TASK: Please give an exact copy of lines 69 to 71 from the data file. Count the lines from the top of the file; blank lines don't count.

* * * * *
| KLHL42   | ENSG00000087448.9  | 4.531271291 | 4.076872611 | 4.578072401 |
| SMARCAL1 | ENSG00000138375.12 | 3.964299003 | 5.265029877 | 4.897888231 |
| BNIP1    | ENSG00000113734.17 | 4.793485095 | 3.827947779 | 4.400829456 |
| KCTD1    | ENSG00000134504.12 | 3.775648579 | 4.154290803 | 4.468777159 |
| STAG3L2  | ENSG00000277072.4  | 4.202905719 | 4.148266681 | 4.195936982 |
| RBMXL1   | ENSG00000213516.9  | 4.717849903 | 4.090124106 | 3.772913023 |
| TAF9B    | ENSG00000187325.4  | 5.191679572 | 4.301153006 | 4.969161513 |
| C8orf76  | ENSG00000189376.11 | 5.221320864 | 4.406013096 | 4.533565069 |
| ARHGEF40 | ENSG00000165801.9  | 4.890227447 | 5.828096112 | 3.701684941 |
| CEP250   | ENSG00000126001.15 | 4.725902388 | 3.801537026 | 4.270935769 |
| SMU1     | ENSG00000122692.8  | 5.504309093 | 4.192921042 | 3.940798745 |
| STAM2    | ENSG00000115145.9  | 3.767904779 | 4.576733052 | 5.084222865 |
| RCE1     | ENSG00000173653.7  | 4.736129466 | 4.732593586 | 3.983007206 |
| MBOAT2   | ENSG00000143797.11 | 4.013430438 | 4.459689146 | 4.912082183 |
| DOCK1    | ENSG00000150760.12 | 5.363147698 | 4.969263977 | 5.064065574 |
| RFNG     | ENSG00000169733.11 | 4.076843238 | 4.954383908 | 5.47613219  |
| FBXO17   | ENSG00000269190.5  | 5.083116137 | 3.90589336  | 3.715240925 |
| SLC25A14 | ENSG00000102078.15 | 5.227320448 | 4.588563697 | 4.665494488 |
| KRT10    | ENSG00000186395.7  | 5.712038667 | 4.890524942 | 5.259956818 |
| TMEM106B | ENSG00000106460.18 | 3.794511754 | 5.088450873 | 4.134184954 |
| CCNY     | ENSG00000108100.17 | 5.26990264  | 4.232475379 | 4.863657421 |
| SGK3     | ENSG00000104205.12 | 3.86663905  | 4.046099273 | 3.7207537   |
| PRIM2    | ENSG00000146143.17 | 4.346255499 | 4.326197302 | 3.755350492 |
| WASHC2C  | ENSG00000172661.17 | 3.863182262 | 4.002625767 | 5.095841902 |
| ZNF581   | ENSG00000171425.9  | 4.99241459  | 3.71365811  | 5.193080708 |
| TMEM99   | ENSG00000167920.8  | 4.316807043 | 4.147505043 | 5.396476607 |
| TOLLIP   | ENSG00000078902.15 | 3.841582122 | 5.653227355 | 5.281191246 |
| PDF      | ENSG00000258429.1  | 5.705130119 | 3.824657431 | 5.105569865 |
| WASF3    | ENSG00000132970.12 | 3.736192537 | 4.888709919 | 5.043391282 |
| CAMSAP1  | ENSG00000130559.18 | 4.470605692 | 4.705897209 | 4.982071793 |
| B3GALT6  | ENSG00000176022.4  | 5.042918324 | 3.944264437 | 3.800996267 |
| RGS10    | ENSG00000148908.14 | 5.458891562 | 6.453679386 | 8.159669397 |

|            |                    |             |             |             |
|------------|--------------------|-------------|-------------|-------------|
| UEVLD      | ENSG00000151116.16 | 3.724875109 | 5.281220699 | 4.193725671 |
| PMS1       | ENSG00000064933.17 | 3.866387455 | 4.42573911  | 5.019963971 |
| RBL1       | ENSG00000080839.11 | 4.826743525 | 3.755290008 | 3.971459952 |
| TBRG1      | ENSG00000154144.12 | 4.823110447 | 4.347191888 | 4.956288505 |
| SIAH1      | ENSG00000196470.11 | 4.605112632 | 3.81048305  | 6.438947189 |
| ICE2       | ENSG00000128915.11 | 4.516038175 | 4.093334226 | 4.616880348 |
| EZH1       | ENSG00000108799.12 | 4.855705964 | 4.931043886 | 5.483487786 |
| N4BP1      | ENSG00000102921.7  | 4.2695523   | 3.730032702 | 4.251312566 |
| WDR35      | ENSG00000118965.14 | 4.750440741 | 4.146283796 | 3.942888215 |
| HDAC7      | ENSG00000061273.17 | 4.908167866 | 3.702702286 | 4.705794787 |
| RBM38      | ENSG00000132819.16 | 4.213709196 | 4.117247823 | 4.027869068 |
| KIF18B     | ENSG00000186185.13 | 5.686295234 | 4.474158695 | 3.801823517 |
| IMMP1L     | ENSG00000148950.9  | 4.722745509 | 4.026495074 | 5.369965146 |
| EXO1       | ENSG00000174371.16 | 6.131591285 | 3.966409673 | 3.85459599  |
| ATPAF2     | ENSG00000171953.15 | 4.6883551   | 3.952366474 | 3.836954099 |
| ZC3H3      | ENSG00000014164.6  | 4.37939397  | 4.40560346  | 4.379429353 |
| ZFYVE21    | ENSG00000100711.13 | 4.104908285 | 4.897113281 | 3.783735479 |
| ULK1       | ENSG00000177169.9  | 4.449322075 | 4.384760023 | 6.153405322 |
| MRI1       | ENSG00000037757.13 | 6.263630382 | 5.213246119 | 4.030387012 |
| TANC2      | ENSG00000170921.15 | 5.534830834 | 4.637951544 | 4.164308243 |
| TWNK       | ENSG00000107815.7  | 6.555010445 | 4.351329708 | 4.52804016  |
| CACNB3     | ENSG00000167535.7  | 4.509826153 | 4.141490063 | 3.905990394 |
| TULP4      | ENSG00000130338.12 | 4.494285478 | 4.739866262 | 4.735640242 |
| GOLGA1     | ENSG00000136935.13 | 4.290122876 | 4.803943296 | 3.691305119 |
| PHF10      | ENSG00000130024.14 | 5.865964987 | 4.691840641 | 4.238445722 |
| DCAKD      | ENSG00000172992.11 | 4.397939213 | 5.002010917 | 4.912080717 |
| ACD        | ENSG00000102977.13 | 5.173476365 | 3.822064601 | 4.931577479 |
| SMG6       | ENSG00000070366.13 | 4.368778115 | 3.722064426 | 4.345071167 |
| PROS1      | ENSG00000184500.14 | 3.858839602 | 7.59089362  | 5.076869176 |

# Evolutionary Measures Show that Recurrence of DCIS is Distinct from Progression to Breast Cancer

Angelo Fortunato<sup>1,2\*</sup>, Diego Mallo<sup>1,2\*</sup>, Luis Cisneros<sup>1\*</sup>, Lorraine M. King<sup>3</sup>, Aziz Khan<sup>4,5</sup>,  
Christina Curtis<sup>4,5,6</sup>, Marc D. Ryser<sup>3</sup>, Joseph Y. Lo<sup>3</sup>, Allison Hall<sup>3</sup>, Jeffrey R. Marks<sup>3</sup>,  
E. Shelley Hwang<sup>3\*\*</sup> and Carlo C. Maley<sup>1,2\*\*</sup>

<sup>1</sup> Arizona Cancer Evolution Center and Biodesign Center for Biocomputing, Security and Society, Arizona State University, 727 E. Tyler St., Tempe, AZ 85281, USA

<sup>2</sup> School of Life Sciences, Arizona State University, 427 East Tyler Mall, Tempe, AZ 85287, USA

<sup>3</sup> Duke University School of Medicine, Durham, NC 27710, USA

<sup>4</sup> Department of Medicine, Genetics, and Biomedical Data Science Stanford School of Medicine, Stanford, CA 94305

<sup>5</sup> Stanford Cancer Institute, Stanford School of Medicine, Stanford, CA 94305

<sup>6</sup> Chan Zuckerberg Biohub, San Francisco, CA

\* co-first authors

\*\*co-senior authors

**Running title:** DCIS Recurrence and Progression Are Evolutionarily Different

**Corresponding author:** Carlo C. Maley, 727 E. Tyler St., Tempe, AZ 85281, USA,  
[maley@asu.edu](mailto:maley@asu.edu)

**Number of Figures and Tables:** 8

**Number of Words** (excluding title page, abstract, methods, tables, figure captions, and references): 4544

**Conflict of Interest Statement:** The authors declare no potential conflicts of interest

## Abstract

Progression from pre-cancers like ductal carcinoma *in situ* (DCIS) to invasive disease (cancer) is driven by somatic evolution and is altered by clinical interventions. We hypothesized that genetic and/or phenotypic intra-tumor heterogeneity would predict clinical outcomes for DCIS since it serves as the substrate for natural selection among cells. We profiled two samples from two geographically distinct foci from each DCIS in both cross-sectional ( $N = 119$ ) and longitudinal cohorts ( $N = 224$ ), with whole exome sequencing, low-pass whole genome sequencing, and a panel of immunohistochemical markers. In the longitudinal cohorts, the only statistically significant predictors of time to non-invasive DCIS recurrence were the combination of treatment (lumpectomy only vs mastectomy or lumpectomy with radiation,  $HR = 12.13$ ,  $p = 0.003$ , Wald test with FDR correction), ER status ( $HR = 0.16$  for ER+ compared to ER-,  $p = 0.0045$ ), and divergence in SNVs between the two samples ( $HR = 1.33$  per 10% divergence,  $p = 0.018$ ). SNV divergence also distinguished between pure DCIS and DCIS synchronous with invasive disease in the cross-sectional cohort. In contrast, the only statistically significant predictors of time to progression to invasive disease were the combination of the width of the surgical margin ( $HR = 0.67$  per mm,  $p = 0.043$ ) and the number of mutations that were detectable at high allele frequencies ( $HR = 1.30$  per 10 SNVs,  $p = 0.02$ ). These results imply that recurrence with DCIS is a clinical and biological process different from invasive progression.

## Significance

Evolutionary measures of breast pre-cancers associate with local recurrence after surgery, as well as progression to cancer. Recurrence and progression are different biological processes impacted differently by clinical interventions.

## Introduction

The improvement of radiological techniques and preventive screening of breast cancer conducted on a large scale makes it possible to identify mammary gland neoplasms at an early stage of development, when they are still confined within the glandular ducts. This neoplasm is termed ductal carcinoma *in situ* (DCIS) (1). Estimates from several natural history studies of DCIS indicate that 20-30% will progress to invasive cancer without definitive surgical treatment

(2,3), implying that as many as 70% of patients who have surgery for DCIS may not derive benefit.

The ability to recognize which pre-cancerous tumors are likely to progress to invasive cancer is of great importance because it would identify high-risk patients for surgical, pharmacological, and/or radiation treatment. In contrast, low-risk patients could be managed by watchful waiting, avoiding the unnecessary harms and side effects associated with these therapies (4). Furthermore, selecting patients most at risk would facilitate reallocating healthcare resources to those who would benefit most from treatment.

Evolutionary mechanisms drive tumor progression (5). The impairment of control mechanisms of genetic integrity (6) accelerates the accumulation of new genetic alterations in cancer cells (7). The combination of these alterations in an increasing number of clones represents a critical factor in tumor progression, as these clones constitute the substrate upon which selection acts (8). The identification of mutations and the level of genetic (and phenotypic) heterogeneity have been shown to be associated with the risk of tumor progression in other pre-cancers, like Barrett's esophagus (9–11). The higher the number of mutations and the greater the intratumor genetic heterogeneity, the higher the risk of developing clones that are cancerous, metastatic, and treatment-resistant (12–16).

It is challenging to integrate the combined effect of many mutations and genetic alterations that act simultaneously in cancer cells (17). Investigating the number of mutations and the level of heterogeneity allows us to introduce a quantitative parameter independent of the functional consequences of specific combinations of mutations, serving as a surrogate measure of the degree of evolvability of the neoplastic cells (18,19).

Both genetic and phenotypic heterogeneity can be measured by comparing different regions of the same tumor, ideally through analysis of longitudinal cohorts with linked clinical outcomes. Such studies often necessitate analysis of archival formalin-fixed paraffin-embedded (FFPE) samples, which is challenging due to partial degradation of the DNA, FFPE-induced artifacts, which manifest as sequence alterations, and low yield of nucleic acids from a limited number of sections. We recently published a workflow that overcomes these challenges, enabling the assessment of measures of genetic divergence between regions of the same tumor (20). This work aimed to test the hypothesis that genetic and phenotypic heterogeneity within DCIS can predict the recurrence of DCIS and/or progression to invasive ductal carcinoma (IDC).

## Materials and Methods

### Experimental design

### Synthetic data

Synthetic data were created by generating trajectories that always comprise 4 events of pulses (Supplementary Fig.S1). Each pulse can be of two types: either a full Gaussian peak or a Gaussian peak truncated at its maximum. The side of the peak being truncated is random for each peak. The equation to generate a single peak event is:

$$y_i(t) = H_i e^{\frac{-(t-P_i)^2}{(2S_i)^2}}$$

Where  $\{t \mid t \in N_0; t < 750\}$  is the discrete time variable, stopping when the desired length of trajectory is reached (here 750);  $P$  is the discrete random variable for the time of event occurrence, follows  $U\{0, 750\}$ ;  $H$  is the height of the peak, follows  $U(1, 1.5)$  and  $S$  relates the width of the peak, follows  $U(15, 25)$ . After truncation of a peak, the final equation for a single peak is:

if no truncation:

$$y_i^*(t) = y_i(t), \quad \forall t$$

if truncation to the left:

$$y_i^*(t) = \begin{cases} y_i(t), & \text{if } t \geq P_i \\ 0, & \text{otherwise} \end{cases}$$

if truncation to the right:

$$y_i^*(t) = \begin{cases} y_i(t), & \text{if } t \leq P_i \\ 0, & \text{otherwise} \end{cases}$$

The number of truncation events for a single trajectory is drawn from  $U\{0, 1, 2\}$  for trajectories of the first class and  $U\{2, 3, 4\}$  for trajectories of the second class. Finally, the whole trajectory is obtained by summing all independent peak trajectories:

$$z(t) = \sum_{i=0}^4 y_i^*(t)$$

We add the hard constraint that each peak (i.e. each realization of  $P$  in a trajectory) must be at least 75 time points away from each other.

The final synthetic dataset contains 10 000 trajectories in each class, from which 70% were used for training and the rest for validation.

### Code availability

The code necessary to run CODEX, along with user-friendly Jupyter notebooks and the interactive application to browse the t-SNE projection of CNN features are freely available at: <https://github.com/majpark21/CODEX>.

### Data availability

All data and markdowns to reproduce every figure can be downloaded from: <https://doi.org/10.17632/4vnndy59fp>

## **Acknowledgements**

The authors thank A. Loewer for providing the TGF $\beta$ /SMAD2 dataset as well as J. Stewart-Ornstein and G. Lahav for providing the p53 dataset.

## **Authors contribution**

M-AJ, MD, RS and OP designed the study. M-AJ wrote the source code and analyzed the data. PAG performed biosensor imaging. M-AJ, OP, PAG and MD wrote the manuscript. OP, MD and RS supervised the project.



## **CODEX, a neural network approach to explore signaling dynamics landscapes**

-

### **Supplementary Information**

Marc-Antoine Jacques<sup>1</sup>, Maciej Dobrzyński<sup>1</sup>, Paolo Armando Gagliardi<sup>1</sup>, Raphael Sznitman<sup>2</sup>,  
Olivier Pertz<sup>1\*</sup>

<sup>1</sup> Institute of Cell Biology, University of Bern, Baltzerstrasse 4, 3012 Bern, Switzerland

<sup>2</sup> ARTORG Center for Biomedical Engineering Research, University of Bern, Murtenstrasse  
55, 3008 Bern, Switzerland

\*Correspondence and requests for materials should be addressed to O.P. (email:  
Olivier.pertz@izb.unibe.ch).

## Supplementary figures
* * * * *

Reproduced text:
<sup>2</sup> School of Life Sciences, Arizona State University, 427 East Tyler Mall, Tempe, AZ 85287, USA

<sup>3</sup> Duke University School of Medicine, Durham, NC 27710, USA

<sup>4</sup> Department of Medicine, Genetics, and Biomedical Data Science Stanford School of Medicine, Stanford, CA 94305